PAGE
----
Central Florida news teams were positioned to cover what they thought would be the big news of the night—the election—and had to scramble when the weather took center stage.

Have you ever stood in the ocean and had a wave suddenly break over your head? Now imagine that the wave doesn't recede, but continues to pour over you for half an hour, and you have a picture of yesterday's rainstorm. If there's been a heavier downpour in all our 20-some years here, I don't remember it.

I like weather, if I'm watching it from a safe position, and might have thoroughly enjoyed the experience if Janet had been home with me. Instead, I took the storm as a call to prayer, since she was out running errands. I'm sure I was almost as glad to hear the sound of the garage door opening as she was to be driving in. On the main highway, a truck (driving at all of maybe 35 mph) completely enveloped her little car with spray as it passed, blinding her for several seconds. Once in the neighborhood, the main street, even at the top of the hill, was flooded to the sidewalks, and visibility was nearly zero. Just after the storm passed over us, it turned vicious, spawning a tornado that divested some houses in Oviedo of their roofs.

I don't know what effect the storm might have had on the election, but I'm sure that many people driving home from work through the deluge decided not to bother to stop at the polls on the way. I had voted earlier in the day, my usual hodgepodge procedure of voting for whoever I like best, Republican or Democrat. I suppose you could say I "won," since the election went my way on about 2/3 of the issues. However, I'm not rejoicing, since I lost on the only issue I really cared about. Seminole County had the opportunity to authorize a very small ad valorem tax for the purpose of purchasing environmentally sensitive lands and developing recreational trails and pedestrian bridges, and it failed 51% to 49%. I'm guessing too many people voted reflexively anti-tax. Not that I blame them entirely, as that is my own tendency, but in this case the cost was small and the benefits enormous; we have lost a great opportunity.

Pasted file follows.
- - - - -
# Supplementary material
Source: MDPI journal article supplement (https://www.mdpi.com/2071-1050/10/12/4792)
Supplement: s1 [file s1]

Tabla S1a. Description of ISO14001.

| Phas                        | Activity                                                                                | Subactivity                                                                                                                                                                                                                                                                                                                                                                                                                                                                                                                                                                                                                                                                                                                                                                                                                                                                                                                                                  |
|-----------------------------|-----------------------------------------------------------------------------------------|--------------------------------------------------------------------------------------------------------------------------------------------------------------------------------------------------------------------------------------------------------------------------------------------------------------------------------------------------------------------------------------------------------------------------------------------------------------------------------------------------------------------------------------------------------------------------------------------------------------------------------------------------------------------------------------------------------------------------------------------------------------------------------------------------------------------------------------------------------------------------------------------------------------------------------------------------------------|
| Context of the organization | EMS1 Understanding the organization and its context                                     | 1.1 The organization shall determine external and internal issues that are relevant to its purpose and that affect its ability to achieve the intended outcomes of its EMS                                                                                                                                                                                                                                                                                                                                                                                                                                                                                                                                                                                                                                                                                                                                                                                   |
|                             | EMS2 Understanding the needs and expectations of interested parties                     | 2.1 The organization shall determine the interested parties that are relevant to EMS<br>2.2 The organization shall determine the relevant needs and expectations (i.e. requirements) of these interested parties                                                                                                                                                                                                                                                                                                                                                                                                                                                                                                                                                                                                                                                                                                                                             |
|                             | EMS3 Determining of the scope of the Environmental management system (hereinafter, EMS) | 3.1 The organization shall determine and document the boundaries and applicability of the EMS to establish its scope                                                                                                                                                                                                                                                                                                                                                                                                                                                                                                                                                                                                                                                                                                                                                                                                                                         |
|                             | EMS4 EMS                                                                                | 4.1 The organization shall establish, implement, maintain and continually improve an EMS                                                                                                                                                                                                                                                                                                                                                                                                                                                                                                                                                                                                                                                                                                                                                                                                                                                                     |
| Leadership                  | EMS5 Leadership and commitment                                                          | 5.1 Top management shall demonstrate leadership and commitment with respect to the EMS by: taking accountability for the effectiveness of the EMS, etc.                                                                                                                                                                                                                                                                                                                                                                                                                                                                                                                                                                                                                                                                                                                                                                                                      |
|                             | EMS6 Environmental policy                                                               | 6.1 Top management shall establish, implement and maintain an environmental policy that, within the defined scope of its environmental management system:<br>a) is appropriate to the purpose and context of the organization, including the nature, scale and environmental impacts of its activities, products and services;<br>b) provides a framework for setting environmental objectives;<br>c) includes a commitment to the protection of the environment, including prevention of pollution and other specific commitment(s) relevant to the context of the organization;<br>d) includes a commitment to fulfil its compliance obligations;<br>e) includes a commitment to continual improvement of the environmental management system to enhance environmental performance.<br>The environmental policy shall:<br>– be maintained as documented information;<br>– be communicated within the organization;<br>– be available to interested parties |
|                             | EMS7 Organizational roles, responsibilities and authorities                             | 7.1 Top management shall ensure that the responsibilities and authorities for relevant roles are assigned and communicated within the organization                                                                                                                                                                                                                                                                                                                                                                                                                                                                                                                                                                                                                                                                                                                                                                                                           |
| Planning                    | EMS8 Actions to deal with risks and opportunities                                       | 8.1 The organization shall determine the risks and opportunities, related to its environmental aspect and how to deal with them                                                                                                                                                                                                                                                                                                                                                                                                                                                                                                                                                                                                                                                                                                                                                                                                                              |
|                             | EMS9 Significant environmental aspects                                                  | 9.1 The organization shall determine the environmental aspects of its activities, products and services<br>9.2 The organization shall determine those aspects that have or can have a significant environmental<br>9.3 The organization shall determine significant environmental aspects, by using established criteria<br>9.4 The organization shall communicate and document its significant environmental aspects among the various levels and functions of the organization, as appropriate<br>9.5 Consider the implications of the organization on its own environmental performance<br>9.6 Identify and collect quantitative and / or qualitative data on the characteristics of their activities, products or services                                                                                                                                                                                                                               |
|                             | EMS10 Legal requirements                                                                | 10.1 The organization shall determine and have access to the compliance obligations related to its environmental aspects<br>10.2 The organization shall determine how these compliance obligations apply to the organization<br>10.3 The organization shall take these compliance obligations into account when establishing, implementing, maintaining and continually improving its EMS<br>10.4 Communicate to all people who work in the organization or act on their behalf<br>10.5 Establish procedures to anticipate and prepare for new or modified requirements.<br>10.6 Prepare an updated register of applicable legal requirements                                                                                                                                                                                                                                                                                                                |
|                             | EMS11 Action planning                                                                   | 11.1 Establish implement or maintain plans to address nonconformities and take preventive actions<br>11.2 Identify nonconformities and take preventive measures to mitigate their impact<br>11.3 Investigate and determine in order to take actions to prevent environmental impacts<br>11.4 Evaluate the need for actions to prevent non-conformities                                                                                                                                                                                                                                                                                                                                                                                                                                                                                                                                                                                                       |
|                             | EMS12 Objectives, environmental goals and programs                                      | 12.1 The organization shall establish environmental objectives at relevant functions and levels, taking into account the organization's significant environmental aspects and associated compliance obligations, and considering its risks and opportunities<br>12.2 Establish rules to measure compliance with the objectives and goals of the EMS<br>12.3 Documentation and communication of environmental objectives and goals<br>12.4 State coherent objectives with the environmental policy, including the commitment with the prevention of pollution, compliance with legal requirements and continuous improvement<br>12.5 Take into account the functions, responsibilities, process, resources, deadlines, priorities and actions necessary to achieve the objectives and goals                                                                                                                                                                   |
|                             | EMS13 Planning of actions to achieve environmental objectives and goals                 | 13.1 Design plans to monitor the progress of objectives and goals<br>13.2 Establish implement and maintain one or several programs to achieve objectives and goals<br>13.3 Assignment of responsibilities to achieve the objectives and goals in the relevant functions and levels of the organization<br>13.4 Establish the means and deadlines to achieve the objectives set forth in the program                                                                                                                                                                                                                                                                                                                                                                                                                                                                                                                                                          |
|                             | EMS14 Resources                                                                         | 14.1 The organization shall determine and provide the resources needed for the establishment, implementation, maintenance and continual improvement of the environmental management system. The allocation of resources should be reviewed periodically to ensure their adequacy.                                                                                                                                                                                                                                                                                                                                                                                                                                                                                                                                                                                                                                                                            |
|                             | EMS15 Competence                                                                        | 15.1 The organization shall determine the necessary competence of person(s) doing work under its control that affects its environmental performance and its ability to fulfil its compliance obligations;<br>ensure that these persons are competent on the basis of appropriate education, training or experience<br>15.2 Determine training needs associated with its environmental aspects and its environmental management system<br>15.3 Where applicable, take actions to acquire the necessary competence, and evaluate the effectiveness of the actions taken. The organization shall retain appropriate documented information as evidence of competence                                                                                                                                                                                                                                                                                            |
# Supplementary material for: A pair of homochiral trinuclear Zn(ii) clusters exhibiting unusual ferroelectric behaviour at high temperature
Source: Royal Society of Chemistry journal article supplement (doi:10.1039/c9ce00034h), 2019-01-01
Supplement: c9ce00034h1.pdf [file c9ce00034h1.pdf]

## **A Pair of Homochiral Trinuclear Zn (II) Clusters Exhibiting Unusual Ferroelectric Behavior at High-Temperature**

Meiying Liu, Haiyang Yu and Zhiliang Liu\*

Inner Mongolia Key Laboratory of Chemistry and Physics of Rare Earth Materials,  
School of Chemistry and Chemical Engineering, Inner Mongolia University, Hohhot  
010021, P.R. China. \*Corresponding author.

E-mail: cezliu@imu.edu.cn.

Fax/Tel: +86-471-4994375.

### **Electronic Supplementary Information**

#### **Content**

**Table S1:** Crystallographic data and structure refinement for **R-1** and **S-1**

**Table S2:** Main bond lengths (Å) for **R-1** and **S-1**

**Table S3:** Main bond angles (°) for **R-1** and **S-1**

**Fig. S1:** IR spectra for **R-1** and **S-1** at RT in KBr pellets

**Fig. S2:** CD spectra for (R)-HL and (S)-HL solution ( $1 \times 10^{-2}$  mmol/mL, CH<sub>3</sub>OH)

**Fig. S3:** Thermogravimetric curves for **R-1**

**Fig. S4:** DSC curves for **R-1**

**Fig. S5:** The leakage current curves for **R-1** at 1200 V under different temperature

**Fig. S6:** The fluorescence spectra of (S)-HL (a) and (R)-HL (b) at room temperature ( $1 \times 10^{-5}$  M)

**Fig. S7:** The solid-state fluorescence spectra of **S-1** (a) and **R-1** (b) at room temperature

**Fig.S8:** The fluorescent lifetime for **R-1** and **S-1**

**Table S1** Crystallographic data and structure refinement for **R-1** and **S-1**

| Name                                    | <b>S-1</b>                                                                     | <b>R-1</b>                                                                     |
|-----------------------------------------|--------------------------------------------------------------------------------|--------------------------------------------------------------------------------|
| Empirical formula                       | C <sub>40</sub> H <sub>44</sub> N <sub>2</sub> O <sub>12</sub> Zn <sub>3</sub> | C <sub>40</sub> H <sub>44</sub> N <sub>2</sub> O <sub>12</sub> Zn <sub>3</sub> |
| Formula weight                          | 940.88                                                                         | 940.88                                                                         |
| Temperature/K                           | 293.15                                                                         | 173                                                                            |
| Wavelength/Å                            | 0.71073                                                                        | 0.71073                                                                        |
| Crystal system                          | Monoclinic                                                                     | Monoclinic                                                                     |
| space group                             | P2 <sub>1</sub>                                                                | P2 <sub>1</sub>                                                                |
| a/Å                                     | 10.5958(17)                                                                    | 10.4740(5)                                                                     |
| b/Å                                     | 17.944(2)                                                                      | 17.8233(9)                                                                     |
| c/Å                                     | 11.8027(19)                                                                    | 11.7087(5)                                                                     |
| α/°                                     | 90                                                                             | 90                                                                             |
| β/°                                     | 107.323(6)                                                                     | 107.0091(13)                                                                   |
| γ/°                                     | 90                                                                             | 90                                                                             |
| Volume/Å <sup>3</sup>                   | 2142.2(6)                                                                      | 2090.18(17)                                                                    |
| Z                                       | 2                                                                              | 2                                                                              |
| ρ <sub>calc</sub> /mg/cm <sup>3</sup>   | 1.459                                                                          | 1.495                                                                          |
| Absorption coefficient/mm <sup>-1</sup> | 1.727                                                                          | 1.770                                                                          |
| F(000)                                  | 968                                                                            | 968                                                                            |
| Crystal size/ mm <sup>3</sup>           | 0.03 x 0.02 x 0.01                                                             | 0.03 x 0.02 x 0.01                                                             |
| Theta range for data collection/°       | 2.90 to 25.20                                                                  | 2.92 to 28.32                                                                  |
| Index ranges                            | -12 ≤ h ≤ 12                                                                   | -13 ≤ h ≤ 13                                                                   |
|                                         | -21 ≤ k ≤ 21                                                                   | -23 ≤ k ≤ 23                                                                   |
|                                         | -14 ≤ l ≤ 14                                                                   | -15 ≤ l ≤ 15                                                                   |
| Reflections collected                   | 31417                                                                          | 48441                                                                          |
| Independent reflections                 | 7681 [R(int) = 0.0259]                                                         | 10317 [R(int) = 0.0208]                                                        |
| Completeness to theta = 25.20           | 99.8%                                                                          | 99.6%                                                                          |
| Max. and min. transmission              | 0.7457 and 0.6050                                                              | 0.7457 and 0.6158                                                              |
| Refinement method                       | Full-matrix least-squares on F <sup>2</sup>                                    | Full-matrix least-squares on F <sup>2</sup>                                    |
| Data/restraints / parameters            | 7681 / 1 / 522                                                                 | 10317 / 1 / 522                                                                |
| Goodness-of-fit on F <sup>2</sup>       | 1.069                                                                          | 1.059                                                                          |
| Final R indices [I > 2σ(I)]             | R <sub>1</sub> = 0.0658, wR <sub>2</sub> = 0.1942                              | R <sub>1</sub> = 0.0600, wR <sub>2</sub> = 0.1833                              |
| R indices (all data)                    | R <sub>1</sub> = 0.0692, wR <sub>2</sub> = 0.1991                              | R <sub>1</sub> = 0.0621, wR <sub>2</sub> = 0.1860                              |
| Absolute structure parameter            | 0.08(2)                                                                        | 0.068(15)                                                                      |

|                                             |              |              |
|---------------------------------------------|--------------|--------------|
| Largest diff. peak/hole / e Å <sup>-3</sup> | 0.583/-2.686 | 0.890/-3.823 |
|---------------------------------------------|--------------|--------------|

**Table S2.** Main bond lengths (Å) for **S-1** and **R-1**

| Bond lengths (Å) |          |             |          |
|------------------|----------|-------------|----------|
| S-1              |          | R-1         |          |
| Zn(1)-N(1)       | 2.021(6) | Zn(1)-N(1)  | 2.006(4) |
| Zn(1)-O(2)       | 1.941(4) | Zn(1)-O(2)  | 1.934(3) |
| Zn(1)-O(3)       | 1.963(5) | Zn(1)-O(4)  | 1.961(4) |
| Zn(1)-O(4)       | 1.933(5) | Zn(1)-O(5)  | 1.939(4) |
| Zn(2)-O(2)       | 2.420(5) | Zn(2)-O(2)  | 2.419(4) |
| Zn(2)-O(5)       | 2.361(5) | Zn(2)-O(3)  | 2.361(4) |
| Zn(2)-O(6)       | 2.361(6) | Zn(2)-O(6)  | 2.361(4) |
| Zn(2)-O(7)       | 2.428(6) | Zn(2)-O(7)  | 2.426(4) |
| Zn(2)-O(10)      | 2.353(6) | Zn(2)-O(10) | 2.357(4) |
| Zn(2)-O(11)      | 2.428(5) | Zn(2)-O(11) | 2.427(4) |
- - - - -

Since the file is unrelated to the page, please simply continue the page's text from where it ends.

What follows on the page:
Posted by sursumcorda on Wednesday, November 8, 2006 at 8:07 am | Edit
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Wow. The biggest downpour I remember was when we were doing that parade and it rained 5 inches in - how long? A short time. That was fun, though!

Posted by joyful on Thursday, November 09, 2006 at 8:09 am
Ah, yes! "Santa Salutes the Soaps" -- I remember Dad driving the Caravan with the windows down in all that rain, because that's the only way he could see anything at all. That was five inches in about an hour and a half. I can't compare the rate of rainfall, because this storm didn't hit the airport the way it hit us. (As you know, we live where it can be raining in the back yard but not the front.) But it was probably similar -- now imagine it at night instead of during the day, and think how black it was! Here's another memory from the parade: "We were one of the few units to complete the parade. Porter’s driest foot was the one where his shoe had a hole in it, allowing the water to drain out." We all eventually dried, as did the cars -- but the woodwinds had to have their instruments completely re-padded.

Posted by SursumCorda on Thursday, November 09, 2006 at 8:35 am
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